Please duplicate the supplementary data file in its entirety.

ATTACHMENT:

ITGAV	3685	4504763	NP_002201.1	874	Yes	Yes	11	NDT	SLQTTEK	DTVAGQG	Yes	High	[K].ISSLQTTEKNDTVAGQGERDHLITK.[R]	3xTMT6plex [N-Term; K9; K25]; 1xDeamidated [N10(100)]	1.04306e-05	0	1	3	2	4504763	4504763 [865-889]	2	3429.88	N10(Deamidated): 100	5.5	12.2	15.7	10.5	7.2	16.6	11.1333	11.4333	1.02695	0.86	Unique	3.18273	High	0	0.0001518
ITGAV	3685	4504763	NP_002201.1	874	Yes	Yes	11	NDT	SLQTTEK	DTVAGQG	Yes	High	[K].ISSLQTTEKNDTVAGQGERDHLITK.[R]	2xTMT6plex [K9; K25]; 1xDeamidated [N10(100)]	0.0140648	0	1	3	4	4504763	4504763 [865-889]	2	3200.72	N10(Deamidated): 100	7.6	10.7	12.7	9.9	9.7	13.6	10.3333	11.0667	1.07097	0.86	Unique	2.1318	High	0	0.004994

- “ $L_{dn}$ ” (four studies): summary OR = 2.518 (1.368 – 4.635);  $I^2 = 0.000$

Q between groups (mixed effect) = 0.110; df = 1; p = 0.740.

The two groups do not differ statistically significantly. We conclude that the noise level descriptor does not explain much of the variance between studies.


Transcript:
ITGAV	3685	4504763	NP_002201.1	874	Yes	Yes	11	NDT	SLQTTEK	DTVAGQG	Yes	High	[K].ISSLQTTEKNDTVAGQGERDHLITK.[R]	3xTMT6plex [N-Term; K9; K25]; 1xDeamidated [N10(100)]	1.04306e-05	0	1	3	2	4504763	4504763 [865-889]	2	3429.88	N10(Deamidated): 100	5.5	12.2	15.7	10.5	7.2	16.6	11.1333	11.4333	1.02695	0.86	Unique	3.18273	High	0	0.0001518
ITGAV	3685	4504763	NP_002201.1	874	Yes	Yes	11	NDT	SLQTTEK	DTVAGQG	Yes	High	[K].ISSLQTTEKNDTVAGQGERDHLITK.[R]	2xTMT6plex [K9; K25]; 1xDeamidated [N10(100)]	0.0140648	0	1	3	4	4504763	4504763 [865-889]	2	3200.72	N10(Deamidated): 100	7.6	10.7	12.7	9.9	9.7	13.6	10.3333	11.0667	1.07097	0.86	Unique	2.1318	High	0	0.004994

- “ $L_{dn}$ ” (four studies): summary OR = 2.518 (1.368 – 4.635);  $I^2 = 0.000$

Q between groups (mixed effect) = 0.110; df = 1; p = 0.740.

The two groups do not differ statistically significantly. We conclude that the noise level descriptor does not explain much of the variance between studies.